Time-dependent gray matter damage in the contusion-induced SCI model. Contusion insult (150 kdyn) was applied to T9 of rat spinal cords. Longitudinal sections (30 μm) were obtained from 6 h to 14 d after the injury. (A) Sections were stained with cresyl violet. Sham-operated animals were employed as controls. In left panels, gray matter (G) was intensely stained with cresyl violet (compare to white matter, W). Right panels (Area 1 and Area 2) are higher magnifications of Areas 1 and 2 indicated in the left panels. Large (black arrows) and small (white arrows) Nissl+ cells are neurons and glial cells, respectively. At 7 d, many small Nissl+ cells (white arrowheads) appeared. Dotted white lines in the left panel show the positions of Area 1 and Area 2 relative to the contusion sites. Black arrowheads: contusion sites. (B) The most damaged cresyl violet-stained sections obtained at the indicated times were selected, and the extent of damage was evaluated by measuring the length of gray matter, as described in Materials and Methods. Black arrowheads: contusion sites. (C) Graphic presentation of the values measured in (B). Values in (C) are means ± SEMs of four to six animals. (D) Relative positions of contusion site (arrowhead at T9), primary damage site (epicenter), delayed damage-occurring site (penumbra 1), and delayed damage-absent site (penumbra 2). Spinal cords between T7 and T10 were removed and analyzed. Scale bars: 500 μm (left panel in A) and 25 μm (right panel in A). Data shown are representative of three independent experiments. In each experiment, four to six animals were used for each time point.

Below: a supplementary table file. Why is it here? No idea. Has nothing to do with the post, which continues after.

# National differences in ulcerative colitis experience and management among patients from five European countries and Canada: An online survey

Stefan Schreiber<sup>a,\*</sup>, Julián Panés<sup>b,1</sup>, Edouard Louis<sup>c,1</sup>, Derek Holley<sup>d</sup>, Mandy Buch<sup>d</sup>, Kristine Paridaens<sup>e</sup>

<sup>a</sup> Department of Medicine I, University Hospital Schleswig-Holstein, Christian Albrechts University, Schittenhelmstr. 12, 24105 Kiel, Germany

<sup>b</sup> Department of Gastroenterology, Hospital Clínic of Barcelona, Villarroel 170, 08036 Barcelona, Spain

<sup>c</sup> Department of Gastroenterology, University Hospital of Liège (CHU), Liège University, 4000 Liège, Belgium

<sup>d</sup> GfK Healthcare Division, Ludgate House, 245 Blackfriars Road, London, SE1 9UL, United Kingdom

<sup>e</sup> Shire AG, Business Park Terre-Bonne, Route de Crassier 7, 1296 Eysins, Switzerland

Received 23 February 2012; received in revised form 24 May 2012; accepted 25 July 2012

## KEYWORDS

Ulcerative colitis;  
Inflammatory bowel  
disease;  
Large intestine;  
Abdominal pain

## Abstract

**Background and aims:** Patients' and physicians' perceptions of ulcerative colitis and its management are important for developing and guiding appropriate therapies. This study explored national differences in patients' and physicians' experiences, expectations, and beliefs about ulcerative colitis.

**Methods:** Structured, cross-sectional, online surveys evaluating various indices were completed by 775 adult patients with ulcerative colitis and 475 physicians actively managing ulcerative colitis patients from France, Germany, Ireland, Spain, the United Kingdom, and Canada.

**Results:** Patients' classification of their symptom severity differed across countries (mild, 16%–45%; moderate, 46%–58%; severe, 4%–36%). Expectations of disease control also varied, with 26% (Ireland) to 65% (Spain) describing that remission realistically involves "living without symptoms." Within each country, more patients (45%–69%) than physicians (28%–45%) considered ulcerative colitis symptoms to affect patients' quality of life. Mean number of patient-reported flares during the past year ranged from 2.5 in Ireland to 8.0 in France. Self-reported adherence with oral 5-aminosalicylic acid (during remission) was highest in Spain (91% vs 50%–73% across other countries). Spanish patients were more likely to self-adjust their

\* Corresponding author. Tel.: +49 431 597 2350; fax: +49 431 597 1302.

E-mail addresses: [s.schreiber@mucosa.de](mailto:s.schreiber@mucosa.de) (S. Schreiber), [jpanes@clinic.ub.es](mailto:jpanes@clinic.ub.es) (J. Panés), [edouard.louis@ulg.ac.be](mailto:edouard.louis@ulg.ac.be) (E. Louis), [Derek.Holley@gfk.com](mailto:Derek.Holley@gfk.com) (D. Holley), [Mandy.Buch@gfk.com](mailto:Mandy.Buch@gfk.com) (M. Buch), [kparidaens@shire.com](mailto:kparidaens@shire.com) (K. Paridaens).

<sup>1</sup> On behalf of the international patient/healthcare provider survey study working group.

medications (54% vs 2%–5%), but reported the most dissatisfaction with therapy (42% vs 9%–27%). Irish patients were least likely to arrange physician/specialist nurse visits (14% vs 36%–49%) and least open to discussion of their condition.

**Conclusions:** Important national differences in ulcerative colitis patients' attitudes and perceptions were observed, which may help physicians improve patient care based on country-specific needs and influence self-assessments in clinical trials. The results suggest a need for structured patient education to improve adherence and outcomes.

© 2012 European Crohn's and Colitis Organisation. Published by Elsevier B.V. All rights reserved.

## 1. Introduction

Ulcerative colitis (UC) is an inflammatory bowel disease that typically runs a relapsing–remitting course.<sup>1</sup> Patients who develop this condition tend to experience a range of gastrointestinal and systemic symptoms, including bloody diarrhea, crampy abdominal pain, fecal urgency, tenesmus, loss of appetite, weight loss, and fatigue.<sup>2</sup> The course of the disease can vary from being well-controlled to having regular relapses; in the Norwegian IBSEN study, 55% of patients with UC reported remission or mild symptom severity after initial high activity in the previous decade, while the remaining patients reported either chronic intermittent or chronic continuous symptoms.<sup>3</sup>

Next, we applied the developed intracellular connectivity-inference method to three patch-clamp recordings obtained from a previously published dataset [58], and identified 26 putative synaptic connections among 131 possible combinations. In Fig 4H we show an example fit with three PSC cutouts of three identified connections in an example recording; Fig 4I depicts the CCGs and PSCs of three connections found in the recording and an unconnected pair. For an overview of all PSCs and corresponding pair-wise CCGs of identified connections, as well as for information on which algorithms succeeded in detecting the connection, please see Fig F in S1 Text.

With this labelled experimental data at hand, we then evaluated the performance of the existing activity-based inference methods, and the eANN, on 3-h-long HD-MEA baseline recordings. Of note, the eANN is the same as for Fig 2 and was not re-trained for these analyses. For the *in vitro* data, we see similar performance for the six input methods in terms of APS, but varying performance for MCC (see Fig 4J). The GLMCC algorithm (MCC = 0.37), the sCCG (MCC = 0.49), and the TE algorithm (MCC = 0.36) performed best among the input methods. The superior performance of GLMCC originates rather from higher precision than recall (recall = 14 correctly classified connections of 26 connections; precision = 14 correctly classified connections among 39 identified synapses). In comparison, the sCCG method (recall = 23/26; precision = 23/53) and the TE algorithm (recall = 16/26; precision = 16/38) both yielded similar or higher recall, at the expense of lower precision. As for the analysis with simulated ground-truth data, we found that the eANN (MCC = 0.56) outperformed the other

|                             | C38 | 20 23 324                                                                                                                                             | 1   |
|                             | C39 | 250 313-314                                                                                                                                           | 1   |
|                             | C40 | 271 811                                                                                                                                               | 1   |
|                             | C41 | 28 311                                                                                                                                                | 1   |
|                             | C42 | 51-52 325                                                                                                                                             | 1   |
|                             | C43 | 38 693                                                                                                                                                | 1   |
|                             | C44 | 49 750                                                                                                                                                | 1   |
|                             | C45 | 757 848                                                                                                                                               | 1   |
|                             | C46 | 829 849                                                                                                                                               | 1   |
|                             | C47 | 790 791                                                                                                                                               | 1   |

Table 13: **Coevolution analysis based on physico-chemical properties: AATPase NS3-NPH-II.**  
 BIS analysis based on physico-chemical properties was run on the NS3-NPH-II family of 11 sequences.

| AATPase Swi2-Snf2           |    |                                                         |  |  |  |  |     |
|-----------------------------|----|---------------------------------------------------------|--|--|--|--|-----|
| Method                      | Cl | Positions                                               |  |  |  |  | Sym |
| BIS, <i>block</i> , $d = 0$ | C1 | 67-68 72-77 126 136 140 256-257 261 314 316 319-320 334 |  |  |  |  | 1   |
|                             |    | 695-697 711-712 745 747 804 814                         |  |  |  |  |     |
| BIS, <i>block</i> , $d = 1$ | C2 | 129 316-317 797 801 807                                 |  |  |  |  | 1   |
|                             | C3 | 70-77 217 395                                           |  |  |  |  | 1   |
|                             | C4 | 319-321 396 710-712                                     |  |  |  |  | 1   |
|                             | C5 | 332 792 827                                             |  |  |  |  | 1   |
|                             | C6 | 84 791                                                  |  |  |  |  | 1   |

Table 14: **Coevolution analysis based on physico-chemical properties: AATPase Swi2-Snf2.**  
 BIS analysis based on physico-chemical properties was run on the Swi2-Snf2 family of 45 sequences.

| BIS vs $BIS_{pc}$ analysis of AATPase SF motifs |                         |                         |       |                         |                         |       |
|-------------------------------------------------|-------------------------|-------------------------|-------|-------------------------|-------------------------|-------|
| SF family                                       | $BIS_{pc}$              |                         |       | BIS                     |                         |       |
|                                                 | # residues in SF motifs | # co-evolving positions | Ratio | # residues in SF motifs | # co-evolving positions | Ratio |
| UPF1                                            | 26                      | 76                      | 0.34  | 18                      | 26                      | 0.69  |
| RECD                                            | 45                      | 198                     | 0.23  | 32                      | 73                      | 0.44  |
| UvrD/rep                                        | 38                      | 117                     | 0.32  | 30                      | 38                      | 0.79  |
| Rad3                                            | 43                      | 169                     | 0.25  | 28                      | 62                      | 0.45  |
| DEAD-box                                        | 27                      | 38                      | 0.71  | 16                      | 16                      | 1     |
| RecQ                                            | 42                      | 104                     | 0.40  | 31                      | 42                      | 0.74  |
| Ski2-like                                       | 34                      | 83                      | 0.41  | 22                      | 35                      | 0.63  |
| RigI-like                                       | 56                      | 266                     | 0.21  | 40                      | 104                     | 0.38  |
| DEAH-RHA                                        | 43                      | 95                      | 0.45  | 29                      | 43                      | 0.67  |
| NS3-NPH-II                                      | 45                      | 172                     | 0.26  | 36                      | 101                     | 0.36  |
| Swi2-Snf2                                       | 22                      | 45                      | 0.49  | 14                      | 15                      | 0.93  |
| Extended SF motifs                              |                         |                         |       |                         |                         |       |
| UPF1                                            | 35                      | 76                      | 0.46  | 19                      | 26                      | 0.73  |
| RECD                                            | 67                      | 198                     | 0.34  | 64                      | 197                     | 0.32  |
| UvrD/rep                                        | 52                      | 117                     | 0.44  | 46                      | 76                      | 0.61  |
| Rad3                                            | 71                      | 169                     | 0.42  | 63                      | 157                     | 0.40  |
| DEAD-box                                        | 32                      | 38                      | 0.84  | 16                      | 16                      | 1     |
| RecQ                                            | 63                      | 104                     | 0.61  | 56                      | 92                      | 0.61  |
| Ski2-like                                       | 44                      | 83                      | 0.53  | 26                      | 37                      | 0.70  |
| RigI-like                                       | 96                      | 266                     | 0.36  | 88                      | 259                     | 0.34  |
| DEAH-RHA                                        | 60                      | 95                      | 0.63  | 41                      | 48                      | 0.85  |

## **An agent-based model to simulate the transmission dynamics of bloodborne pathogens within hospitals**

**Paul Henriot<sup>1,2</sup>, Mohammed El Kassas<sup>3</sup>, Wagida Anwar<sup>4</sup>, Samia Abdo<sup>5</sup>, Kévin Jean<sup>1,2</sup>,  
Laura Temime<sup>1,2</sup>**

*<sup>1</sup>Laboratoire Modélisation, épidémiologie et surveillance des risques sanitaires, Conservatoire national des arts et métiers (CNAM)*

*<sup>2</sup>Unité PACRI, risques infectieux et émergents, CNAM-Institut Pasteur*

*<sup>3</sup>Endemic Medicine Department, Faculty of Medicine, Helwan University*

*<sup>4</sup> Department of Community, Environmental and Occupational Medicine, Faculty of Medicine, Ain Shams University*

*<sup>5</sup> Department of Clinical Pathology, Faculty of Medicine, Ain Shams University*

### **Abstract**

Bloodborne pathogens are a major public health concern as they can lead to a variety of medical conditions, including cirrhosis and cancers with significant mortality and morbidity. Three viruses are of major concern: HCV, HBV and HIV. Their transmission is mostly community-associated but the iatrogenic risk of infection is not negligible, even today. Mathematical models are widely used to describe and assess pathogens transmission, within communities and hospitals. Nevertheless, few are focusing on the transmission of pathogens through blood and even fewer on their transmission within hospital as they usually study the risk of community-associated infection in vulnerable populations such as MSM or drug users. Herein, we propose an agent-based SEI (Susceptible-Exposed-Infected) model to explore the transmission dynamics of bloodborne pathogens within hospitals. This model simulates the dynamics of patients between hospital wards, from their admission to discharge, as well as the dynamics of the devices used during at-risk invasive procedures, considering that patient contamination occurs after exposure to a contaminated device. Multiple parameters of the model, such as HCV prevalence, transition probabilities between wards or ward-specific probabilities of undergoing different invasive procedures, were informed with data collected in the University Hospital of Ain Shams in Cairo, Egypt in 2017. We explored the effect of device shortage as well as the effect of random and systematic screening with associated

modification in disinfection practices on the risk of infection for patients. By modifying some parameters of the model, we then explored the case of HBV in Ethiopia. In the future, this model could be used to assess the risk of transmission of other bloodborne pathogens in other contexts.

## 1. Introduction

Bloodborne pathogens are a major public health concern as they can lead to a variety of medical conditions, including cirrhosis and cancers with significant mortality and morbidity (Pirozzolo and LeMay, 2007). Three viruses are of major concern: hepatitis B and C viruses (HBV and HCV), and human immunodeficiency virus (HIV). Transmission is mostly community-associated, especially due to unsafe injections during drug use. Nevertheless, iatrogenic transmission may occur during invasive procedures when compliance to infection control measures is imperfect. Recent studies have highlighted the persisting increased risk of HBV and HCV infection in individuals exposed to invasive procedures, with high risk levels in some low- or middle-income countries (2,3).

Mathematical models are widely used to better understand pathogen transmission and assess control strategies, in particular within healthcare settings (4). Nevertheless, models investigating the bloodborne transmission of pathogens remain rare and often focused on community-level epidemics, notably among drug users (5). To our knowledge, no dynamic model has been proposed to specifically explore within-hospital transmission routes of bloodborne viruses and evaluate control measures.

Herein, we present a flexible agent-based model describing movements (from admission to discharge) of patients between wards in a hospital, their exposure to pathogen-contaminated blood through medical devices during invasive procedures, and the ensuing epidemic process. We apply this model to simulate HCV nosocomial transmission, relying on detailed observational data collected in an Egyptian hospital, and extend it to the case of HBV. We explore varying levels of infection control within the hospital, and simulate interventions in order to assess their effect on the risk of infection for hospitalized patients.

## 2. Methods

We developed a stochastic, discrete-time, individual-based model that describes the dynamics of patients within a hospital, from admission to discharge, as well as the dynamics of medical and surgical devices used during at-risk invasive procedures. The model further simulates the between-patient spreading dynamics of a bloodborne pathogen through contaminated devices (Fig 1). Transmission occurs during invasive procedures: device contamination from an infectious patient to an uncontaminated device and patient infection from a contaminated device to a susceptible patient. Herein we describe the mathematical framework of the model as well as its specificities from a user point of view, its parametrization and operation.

Longitudinal sections (30 μm thickness) and cross sections (30 μm thickness) of spinal cords were obtained using a cryostat (Leica, Wetzlar, Germany). More than 300 cross sections were obtained from a spinal cord. Sections were attached to 30 to 35 slides in the way the first section was attached to the first slide, and the second slide was attached to the second slide, and so on. In this way, each slides included 9 to 12 sections. To examine behavior of neurons, astrocytes and microglia, three serial slides that included immediately adjacent cross sections were stained with antibodies specific for NeuN (a neuron marker), GFAP (an astrocyte marker), and Iba-1 (a microglia/monocyte marker) (Additional file 1: Figure S1).

For reverse transcription-polymerase chain reaction (RT-PCR), quantitative real-time PCR (q-PCR) and Western blot analysis, spinal cord tissues (approximately 4 mm total length around the contusion center) were obtained without perfusion with 4% paraformaldehyde.

Measurement of damage areas

Longitudinal sections were stained with cresyl violet, a Nissl stain. Stained sections were photographed using an Olympus BX51 microscopy camera (Olympus, Ballerup, Denmark). The damaged area was defined as the area in which large Nissl+ neurons disappeared, presented as lesion length [26, 27]. Because the width of gray matter in spinal cords varied among animals, it was more accurate to measure length than area. To measure lesion length using the public domain JAVA image-processing program IMAGE J (http://rsb.info.nih.gov/ij), we selected the horizontal section containing the maximum lesion, drew five lines from the top to the bottom of the gray matter, and measured the distance of each line between the rostral and the caudal area where Nissl+ neurons had disappeared as shown in Figure 1B.

Immunohistochemistry